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New Particles or an Extra Minus Sign?
13 November 2001 7:00 pm
A math error may have produced a tiny effect that many physicists hailed as evidence of new particles.
Last February, scientists reported that the muon, the heavier cousin of the electron, is slightly more magnetic than the Standard Model of Elementary Particles predicts (ScienceNOW, 8 February). The measured magnetism, which depends on other particles that flit in and out of existence around the muon, is 4 parts per billion bigger than predicted, physicists at Brookhaven National Laboratory in Upton, New York, discovered. The slight discrepancy suggests the presence of a new type of particle, the researchers said, perhaps one predicted by a theory called supersymmetry, which assumes that every type of particle possesses a much heavier, still undiscovered partner.
But the calculation for the predicted value may contain a mistake, say Marc Knecht and Andreas Nyffeler of the Center for Theoretical Physics in Marseilles, France, who repeated a key part of it. Finding the theoretical value is no picnic: Physicists must add up the results from a series of hugely complicated calculations, one for each combination of particles emitted and reabsorbed by the muon. When two groups independently calculated the result for a combo known as "hadronic light-by-light scattering" in 1995, they both got the sign of the answer wrong, Knecht and Nyffeler argue in a paper posted online on 6 November on the Los Alamos preprint server. If the negative results are made positive, the theoretical prediction goes up enough to cut the discrepancy in half, weakening the case for supersymmetry.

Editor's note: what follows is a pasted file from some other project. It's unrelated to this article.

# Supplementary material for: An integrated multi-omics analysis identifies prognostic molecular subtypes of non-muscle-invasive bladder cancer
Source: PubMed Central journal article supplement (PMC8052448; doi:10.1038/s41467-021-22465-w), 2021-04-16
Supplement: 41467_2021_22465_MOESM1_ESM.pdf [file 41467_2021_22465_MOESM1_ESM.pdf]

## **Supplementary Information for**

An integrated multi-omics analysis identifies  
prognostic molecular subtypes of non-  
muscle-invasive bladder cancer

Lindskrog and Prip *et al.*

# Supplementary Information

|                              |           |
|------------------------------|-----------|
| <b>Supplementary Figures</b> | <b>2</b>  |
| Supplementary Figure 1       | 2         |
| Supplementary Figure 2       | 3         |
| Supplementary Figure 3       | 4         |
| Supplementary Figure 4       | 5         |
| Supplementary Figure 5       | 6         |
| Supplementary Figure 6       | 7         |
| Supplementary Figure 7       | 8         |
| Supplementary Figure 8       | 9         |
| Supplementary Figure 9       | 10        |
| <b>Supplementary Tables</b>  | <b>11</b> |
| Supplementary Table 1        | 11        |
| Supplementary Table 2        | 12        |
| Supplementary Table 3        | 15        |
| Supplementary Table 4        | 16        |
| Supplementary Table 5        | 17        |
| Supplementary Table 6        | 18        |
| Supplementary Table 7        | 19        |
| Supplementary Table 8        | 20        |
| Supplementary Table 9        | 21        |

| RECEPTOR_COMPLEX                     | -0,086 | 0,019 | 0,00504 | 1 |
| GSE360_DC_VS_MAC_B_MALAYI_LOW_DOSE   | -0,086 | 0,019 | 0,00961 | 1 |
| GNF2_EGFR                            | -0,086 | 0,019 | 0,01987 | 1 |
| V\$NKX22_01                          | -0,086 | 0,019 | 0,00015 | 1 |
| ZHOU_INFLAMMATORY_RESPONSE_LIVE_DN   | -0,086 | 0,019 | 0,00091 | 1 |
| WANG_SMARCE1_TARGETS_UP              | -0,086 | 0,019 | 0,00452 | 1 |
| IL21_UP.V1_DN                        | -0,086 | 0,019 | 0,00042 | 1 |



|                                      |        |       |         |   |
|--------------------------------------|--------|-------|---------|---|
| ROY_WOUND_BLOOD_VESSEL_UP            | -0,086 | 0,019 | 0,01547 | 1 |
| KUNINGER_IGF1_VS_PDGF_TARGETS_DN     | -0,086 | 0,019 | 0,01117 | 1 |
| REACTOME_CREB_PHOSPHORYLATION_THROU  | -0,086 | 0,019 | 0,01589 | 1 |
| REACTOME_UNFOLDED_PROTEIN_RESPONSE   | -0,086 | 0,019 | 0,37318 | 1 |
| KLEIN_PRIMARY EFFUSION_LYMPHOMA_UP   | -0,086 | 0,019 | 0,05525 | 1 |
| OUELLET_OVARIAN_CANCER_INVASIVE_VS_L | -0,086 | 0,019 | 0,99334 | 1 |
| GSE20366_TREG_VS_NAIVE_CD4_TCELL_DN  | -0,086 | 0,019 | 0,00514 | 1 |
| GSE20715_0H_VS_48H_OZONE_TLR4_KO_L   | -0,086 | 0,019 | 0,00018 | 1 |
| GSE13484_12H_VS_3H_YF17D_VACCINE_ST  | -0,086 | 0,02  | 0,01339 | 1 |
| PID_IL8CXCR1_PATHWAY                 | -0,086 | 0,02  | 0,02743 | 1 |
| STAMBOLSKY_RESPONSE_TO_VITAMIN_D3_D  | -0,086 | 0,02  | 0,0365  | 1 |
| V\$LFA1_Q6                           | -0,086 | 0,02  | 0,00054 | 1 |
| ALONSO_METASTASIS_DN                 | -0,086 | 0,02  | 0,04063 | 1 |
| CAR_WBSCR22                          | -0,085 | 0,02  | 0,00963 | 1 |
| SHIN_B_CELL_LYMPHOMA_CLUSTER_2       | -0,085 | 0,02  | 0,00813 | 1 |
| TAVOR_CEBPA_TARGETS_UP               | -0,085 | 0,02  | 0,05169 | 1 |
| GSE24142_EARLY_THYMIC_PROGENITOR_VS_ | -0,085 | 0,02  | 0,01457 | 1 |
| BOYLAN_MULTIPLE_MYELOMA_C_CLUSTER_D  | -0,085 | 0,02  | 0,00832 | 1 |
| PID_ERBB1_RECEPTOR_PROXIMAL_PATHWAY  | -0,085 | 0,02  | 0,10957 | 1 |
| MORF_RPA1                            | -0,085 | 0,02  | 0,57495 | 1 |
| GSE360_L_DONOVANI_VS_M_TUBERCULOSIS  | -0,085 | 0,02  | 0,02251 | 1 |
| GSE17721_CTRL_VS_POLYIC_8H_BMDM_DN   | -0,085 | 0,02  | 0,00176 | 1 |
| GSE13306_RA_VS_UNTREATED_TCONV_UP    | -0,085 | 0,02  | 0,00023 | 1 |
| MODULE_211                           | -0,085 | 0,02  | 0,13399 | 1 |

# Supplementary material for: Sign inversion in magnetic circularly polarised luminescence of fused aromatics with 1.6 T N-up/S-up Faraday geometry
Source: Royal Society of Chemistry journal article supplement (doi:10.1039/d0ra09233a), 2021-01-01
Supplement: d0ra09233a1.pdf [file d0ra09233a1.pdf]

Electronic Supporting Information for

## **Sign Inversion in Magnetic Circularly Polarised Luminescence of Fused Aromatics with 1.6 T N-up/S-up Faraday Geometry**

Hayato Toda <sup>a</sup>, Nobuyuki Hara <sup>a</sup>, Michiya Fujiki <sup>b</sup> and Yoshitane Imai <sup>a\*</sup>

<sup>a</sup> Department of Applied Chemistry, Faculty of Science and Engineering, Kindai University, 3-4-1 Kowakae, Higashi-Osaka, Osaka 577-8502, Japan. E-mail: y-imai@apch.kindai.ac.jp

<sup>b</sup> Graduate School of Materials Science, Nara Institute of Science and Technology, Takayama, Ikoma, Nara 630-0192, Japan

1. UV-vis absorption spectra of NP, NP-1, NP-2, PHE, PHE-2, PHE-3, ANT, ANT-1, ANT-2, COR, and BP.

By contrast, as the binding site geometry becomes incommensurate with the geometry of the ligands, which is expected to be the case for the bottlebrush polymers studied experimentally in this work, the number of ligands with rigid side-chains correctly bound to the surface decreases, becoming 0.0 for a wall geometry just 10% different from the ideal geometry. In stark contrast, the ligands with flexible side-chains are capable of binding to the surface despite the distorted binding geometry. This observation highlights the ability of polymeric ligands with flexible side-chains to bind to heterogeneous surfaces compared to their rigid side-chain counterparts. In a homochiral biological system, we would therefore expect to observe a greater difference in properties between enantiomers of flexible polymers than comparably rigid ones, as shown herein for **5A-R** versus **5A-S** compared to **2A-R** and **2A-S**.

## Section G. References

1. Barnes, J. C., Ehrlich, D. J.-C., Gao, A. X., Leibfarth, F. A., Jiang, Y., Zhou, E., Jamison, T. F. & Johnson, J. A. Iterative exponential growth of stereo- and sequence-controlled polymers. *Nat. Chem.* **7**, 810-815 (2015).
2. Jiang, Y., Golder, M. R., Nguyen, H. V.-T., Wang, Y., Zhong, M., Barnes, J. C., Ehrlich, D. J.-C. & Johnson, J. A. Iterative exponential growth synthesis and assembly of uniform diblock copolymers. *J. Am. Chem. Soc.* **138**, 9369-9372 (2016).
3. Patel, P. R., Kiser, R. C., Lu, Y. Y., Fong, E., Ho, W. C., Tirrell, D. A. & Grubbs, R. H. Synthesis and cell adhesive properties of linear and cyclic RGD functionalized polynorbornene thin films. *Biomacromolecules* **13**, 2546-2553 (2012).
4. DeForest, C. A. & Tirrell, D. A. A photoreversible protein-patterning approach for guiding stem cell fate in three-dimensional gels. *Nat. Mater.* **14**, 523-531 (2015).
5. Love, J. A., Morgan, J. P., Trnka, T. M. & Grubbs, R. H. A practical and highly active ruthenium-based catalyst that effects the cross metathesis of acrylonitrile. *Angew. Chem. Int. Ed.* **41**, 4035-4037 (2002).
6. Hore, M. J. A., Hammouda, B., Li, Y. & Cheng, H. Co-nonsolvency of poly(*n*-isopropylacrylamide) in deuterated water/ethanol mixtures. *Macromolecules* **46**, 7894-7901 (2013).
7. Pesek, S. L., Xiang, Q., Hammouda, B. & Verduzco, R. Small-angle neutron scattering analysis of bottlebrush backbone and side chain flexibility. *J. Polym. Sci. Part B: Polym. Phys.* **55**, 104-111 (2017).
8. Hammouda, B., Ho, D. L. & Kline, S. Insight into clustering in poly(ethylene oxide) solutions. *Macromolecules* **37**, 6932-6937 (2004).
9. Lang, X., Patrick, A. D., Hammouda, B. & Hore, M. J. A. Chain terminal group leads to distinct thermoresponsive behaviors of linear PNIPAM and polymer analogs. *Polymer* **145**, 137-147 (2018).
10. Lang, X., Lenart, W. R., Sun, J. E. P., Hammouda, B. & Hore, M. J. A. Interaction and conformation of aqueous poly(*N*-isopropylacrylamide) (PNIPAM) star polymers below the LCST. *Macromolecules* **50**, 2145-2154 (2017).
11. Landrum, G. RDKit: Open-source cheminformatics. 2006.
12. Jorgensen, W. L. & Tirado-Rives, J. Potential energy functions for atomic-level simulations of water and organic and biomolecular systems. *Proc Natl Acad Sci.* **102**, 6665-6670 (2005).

But the error could be in the new calculation, says Toichiro Kinoshita, a physicist at Cornell University in Ithaca, New York, who did the calculation with colleagues at the KEK laboratory in Tsukuba, Japan. "I went through our paper and didn't find anything wrong," Kinoshita says. "Now I'm going through their paper to see if something isn't right." Chasing down the errant minus sign may not be easy, says Johan Bijnens of Lund University in Sweden, who did the other 1995 calculation with colleagues in Spain and Italy. "This is a detailed and error-prone business that one has to work through slowly," Bijnens says.